Book publishers have long been skeptical about libraries so it is hardly surprising that they would feel especially so about a new library type. The basic fear, as articulated by one publisher regarding Amazon, is that “we do not want lending to replace selling.” If books are sold for a set price to all purchasers, efficient sharing of books could lead to reduced sales. Books can be shared by making used book markets efficient and book industry insiders have long been unhappy with Amazon for facilitating used book sales. But book sharing is exactly why libraries exist and a library run by a for-profit entity like Amazon might lead to especially efficient book-sharing.
But shuffling around lots of physical books would be expensive. Not even Netflix really wants to be Netflix anymore, as its failed plan to hive off its DVD business as Qwikster made clear. Amazon is driving the transition to e-books with its Kindle platform and so an Amazon library would be digital from birth. That makes content acquisition much more complex. You buy physical books and can do with them as you please, but Amazon has contracts for it to get e-books and those contracts might impose limits on which books Amazon could add to its library. That seems to be the case, though it is hotly contested as to what exactly the contracts permit as between Amazon and the publishers and between publishers and authors.
Amazon announced its new program as having “thousands” of books to borrow, including more than a 100 current and former New York Times bestsellers. Amazon’s press release indicated that for “the vast majority” of titles, Amazon had reached a deal with publishers to include their books for a fixed fee. In other cases, Amazon was buying a copy of the ebook at a wholesale price each time the book was borrowed. This isn’t efficient book sharing at all, it is just the opposite. In an effort to demonstrate the value of the library, Amazon was buying books at wholesale and giving them away to Amazon Prime customers. And even in doing this, some publishers contended that Amazon had overstepped the publishers’ contracts with Amazon, while authors claimed the same about publishers.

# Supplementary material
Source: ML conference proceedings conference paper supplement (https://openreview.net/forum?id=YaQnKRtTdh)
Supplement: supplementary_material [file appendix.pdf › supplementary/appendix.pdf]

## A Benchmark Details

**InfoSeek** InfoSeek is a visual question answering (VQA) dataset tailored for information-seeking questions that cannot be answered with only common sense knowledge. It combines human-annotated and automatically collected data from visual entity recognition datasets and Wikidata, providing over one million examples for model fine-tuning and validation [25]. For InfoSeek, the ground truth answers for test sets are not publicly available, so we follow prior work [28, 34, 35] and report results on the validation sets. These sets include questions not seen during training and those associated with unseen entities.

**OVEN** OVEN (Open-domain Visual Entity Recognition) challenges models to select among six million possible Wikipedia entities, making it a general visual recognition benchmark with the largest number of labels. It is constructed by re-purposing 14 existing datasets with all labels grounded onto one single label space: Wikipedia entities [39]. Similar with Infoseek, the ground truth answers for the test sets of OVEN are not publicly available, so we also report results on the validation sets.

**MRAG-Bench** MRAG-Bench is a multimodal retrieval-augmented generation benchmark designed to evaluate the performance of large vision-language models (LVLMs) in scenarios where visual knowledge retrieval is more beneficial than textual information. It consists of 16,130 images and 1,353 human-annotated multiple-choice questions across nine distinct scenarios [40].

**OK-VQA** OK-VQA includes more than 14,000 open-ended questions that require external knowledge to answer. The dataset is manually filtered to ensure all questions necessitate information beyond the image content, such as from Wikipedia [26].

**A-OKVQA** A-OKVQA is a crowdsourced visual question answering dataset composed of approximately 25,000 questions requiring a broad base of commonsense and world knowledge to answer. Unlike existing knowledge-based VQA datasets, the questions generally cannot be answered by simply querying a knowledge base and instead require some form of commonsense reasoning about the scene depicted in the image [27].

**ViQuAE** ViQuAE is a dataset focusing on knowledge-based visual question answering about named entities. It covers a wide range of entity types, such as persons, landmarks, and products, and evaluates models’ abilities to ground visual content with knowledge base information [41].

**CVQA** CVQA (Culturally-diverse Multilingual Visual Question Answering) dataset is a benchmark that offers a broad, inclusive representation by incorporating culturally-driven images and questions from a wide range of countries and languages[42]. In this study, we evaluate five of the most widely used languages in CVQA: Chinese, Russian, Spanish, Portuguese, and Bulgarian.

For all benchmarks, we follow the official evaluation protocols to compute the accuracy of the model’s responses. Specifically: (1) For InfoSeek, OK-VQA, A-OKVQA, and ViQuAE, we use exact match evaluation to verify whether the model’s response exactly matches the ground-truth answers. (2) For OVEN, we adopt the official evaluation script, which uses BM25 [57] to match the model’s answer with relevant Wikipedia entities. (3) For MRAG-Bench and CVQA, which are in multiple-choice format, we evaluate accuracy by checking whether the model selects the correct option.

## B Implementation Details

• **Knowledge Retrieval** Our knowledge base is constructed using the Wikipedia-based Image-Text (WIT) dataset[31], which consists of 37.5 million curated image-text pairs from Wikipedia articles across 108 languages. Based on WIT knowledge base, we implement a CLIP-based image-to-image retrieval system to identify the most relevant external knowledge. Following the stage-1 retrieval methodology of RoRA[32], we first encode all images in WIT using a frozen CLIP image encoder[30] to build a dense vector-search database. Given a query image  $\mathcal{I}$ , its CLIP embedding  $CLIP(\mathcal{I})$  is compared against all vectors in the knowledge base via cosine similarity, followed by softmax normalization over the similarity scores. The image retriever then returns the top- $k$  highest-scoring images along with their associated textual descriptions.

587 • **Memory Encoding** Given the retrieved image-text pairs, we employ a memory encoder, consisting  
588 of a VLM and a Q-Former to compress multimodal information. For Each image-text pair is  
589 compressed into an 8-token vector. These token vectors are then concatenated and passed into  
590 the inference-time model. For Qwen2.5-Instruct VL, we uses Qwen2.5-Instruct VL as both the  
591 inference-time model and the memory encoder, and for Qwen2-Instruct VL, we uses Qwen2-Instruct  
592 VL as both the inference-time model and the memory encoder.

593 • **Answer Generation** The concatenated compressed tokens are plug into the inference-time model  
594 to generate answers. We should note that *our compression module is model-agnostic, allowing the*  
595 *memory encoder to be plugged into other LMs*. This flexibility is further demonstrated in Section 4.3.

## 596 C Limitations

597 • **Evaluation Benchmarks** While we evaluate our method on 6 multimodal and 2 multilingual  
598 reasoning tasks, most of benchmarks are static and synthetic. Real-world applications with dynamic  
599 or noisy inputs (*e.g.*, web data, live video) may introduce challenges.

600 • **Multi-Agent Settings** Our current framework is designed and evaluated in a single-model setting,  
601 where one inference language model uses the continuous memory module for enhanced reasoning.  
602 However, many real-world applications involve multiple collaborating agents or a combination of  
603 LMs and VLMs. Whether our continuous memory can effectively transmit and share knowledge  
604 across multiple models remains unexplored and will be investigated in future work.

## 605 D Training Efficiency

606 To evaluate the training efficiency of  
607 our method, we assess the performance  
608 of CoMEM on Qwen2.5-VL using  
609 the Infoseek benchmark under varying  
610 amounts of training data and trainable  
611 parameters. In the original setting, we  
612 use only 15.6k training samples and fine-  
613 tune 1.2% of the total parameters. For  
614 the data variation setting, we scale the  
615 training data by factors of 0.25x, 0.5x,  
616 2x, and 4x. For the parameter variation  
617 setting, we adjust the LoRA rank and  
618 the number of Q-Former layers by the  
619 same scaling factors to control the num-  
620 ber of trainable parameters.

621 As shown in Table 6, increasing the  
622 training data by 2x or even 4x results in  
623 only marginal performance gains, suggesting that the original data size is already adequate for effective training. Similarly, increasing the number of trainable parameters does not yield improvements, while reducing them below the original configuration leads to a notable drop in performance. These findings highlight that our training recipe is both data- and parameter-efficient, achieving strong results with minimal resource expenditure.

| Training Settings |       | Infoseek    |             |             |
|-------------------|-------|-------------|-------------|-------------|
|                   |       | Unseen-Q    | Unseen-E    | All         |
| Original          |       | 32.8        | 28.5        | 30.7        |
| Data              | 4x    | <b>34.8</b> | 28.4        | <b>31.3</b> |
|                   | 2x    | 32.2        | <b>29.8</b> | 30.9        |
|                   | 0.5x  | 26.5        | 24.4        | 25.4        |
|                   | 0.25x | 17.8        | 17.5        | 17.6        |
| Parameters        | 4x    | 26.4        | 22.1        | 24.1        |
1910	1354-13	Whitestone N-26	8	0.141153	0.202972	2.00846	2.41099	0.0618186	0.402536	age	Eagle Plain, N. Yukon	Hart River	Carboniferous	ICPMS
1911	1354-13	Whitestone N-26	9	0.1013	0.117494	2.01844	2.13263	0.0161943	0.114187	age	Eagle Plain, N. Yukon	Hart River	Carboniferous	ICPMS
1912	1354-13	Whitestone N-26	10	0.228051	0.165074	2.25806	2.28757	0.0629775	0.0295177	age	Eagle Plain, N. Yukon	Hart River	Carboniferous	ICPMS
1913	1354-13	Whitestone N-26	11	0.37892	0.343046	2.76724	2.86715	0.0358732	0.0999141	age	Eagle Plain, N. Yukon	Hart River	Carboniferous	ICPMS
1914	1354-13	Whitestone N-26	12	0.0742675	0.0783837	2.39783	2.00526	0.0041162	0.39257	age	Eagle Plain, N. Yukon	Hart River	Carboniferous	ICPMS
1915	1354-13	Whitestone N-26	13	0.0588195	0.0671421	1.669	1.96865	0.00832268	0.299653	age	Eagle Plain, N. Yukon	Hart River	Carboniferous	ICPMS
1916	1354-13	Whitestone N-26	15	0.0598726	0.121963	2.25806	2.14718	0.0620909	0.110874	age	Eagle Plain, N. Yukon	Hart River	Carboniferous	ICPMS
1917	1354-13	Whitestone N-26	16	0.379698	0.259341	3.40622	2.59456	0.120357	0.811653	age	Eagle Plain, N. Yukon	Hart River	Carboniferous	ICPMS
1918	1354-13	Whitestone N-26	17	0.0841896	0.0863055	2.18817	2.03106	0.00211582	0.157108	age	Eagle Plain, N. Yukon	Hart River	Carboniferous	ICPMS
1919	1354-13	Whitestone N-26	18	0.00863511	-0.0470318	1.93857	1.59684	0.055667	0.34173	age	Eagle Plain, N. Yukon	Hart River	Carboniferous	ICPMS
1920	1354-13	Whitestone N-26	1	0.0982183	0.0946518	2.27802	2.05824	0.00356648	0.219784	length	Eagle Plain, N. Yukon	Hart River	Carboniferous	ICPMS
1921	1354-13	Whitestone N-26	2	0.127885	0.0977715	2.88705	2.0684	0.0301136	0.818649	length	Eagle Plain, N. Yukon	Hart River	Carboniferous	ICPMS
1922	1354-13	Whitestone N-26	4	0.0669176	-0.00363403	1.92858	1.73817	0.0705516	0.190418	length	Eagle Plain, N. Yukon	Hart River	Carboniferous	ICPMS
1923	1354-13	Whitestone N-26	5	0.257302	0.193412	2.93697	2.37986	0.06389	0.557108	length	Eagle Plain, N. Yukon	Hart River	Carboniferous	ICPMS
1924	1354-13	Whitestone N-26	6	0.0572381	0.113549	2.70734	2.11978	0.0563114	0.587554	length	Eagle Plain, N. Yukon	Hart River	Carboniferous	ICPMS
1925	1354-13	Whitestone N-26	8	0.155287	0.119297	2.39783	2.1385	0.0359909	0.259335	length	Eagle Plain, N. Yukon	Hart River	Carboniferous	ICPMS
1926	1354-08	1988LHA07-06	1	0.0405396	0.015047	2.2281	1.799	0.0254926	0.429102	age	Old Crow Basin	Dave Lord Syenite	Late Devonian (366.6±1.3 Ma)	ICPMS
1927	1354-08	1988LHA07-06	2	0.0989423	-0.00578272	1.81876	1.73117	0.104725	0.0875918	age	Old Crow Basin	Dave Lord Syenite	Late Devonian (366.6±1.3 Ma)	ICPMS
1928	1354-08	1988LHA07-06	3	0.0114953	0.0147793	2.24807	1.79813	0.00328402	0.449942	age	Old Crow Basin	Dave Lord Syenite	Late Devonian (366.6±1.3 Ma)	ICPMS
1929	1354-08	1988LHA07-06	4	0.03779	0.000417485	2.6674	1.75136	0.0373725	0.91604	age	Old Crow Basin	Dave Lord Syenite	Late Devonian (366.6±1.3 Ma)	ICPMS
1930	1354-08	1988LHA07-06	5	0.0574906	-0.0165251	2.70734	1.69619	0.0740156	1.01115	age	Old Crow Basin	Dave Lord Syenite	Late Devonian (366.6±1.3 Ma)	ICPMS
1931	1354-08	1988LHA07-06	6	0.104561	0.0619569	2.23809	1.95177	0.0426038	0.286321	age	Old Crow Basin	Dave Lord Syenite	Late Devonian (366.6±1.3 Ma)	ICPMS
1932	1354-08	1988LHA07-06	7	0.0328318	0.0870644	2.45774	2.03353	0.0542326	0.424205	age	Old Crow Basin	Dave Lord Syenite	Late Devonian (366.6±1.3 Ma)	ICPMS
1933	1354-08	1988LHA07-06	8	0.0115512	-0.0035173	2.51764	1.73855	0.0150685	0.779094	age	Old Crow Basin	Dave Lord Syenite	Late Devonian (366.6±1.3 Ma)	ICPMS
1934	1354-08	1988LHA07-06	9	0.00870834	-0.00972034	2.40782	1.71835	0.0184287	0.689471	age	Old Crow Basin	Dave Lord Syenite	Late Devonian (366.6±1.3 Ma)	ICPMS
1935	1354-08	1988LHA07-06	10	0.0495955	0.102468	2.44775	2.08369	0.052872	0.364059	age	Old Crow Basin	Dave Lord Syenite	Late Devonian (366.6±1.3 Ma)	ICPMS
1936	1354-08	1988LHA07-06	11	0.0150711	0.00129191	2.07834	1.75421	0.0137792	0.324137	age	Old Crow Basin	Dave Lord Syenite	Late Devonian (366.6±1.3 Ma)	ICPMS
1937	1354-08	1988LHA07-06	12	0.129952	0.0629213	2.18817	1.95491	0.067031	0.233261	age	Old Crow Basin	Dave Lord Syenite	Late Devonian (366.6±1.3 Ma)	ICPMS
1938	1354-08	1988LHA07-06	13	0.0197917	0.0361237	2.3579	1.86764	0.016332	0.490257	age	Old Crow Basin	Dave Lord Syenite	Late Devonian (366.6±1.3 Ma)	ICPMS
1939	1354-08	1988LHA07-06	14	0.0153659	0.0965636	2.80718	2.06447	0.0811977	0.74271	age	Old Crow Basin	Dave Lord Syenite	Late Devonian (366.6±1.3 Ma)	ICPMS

Amazon has greatly expanded its library by offering inducements to its authors – authors publishing through its Kindle direct publishing platform – to participate in the program. What kind of inducements, you ask? Amazon has offered , for 2012, a $6-million carrot to be split by authors based upon library downloads. Authors would have additional commitments to Amazon, but $6 million should capture a lot of attention. That is more than a third of the entire 2010 budget for the City of Chicago libraries for book and material acquisition.
We are at the early days of the new private libraries. Amazon’s library is part of its tightly connected book ecosystem and it isn’t clear where that is headed. But the examples of Google Book Search and Amazon’s new library suggest that we need to reconsider our conception of what a library is today. That matters for copyright legislation and probably in a host of other areas. This rethinking of libraries will almost certainly take us back to the roots of libraries and that great library entrepreneur, Benjamin Franklin.